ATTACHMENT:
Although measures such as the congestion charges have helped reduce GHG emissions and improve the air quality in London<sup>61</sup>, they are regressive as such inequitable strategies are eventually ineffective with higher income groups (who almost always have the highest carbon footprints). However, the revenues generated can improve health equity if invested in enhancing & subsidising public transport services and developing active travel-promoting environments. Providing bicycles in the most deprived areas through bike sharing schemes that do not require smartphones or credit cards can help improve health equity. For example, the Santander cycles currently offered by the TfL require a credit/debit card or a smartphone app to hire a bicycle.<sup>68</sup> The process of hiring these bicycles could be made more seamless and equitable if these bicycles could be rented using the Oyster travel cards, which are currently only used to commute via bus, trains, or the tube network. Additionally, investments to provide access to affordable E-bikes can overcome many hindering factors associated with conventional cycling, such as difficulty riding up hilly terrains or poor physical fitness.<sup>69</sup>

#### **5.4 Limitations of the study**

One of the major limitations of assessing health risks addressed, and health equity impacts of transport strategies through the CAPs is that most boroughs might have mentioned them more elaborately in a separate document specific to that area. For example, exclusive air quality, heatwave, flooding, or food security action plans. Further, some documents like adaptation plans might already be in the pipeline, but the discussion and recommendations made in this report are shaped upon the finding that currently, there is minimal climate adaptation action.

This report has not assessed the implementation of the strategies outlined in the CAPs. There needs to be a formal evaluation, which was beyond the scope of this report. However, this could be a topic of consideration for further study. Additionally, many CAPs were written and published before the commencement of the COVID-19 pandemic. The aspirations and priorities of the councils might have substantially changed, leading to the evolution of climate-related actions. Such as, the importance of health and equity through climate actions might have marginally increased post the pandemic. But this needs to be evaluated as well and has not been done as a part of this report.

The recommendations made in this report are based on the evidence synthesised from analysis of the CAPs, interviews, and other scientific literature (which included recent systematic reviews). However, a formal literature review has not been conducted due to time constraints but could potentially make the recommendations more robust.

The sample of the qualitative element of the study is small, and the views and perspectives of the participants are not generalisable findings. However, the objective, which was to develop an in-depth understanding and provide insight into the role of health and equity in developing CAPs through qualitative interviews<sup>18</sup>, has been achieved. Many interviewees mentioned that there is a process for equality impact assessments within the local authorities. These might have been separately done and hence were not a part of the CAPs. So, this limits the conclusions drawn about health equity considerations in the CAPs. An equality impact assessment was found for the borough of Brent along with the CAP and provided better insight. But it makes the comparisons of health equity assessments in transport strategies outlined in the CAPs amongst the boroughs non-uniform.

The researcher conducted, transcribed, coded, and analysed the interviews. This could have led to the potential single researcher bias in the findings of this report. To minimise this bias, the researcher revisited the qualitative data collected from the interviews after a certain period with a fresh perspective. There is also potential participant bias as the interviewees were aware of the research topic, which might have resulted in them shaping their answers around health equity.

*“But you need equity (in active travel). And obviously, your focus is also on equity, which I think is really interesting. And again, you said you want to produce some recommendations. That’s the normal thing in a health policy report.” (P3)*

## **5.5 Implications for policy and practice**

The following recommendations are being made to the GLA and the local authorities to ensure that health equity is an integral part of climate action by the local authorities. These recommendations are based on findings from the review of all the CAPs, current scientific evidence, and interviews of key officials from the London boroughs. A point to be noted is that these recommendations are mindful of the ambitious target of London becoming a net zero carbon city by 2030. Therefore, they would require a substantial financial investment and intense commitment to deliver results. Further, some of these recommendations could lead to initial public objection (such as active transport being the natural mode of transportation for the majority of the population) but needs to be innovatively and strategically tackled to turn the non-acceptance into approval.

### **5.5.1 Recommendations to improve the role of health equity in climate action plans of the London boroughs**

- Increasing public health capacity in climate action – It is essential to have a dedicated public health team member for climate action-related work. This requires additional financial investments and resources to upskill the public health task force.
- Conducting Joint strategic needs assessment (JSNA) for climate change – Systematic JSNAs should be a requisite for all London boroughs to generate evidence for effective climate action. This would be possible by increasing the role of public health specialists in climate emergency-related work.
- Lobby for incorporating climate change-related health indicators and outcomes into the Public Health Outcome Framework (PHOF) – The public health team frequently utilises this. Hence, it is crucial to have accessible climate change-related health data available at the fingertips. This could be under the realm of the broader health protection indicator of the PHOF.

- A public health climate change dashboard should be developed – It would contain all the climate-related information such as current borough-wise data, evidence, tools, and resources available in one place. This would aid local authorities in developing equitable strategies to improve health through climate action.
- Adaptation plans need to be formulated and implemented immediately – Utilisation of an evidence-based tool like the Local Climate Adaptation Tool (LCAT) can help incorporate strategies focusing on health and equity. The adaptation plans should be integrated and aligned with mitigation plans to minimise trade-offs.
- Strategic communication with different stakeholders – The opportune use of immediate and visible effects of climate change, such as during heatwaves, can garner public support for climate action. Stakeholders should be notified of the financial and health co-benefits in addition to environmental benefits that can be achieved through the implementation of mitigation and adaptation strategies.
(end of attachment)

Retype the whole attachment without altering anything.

Although measures such as the congestion charges have helped reduce GHG emissions and improve the air quality in London<sup>61</sup>, they are regressive as such inequitable strategies are eventually ineffective with higher income groups (who almost always have the highest carbon footprints). However, the revenues generated can improve health equity if invested in enhancing & subsidising public transport services and developing active travel-promoting environments. Providing bicycles in the most deprived areas through bike sharing schemes that do not require smartphones or credit cards can help improve health equity. For example, the Santander cycles currently offered by the TfL require a credit/debit card or a smartphone app to hire a bicycle.<sup>68</sup> The process of hiring these bicycles could be made more seamless and equitable if these bicycles could be rented using the Oyster travel cards, which are currently only used to commute via bus, trains, or the tube network. Additionally, investments to provide access to affordable E-bikes can overcome many hindering factors associated with conventional cycling, such as difficulty riding up hilly terrains or poor physical fitness.<sup>69</sup>

#### **5.4 Limitations of the study**

One of the major limitations of assessing health risks addressed, and health equity impacts of transport strategies through the CAPs is that most boroughs might have mentioned them more elaborately in a separate document specific to that area. For example, exclusive air quality, heatwave, flooding, or food security action plans. Further, some documents like adaptation plans might already be in the pipeline, but the discussion and recommendations made in this report are shaped upon the finding that currently, there is minimal climate adaptation action.

This report has not assessed the implementation of the strategies outlined in the CAPs. There needs to be a formal evaluation, which was beyond the scope of this report. However, this could be a topic of consideration for further study. Additionally, many CAPs were written and published before the commencement of the COVID-19 pandemic. The aspirations and priorities of the councils might have substantially changed, leading to the evolution of climate-related actions. Such as, the importance of health and equity through climate actions might have marginally increased post the pandemic. But this needs to be evaluated as well and has not been done as a part of this report.

The recommendations made in this report are based on the evidence synthesised from analysis of the CAPs, interviews, and other scientific literature (which included recent systematic reviews). However, a formal literature review has not been conducted due to time constraints but could potentially make the recommendations more robust.

The sample of the qualitative element of the study is small, and the views and perspectives of the participants are not generalisable findings. However, the objective, which was to develop an in-depth understanding and provide insight into the role of health and equity in developing CAPs through qualitative interviews<sup>18</sup>, has been achieved. Many interviewees mentioned that there is a process for equality impact assessments within the local authorities. These might have been separately done and hence were not a part of the CAPs. So, this limits the conclusions drawn about health equity considerations in the CAPs. An equality impact assessment was found for the borough of Brent along with the CAP and provided better insight. But it makes the comparisons of health equity assessments in transport strategies outlined in the CAPs amongst the boroughs non-uniform.

The researcher conducted, transcribed, coded, and analysed the interviews. This could have led to the potential single researcher bias in the findings of this report. To minimise this bias, the researcher revisited the qualitative data collected from the interviews after a certain period with a fresh perspective. There is also potential participant bias as the interviewees were aware of the research topic, which might have resulted in them shaping their answers around health equity.

*“But you need equity (in active travel). And obviously, your focus is also on equity, which I think is really interesting. And again, you said you want to produce some recommendations. That’s the normal thing in a health policy report.” (P3)*

## **5.5 Implications for policy and practice**

The following recommendations are being made to the GLA and the local authorities to ensure that health equity is an integral part of climate action by the local authorities. These recommendations are based on findings from the review of all the CAPs, current scientific evidence, and interviews of key officials from the London boroughs. A point to be noted is that these recommendations are mindful of the ambitious target of London becoming a net zero carbon city by 2030. Therefore, they would require a substantial financial investment and intense commitment to deliver results. Further, some of these recommendations could lead to initial public objection (such as active transport being the natural mode of transportation for the majority of the population) but needs to be innovatively and strategically tackled to turn the non-acceptance into approval.

### **5.5.1 Recommendations to improve the role of health equity in climate action plans of the London boroughs**

- Increasing public health capacity in climate action – It is essential to have a dedicated public health team member for climate action-related work. This requires additional financial investments and resources to upskill the public health task force.
- Conducting Joint strategic needs assessment (JSNA) for climate change – Systematic JSNAs should be a requisite for all London boroughs to generate evidence for effective climate action. This would be possible by increasing the role of public health specialists in climate emergency-related work.
- Lobby for incorporating climate change-related health indicators and outcomes into the Public Health Outcome Framework (PHOF) – The public health team frequently utilises this. Hence, it is crucial to have accessible climate change-related health data available at the fingertips. This could be under the realm of the broader health protection indicator of the PHOF.

- A public health climate change dashboard should be developed – It would contain all the climate-related information such as current borough-wise data, evidence, tools, and resources available in one place. This would aid local authorities in developing equitable strategies to improve health through climate action.
- Adaptation plans need to be formulated and implemented immediately – Utilisation of an evidence-based tool like the Local Climate Adaptation Tool (LCAT) can help incorporate strategies focusing on health and equity. The adaptation plans should be integrated and aligned with mitigation plans to minimise trade-offs.
- Strategic communication with different stakeholders – The opportune use of immediate and visible effects of climate change, such as during heatwaves, can garner public support for climate action. Stakeholders should be notified of the financial and health co-benefits in addition to environmental benefits that can be achieved through the implementation of mitigation and adaptation strategies.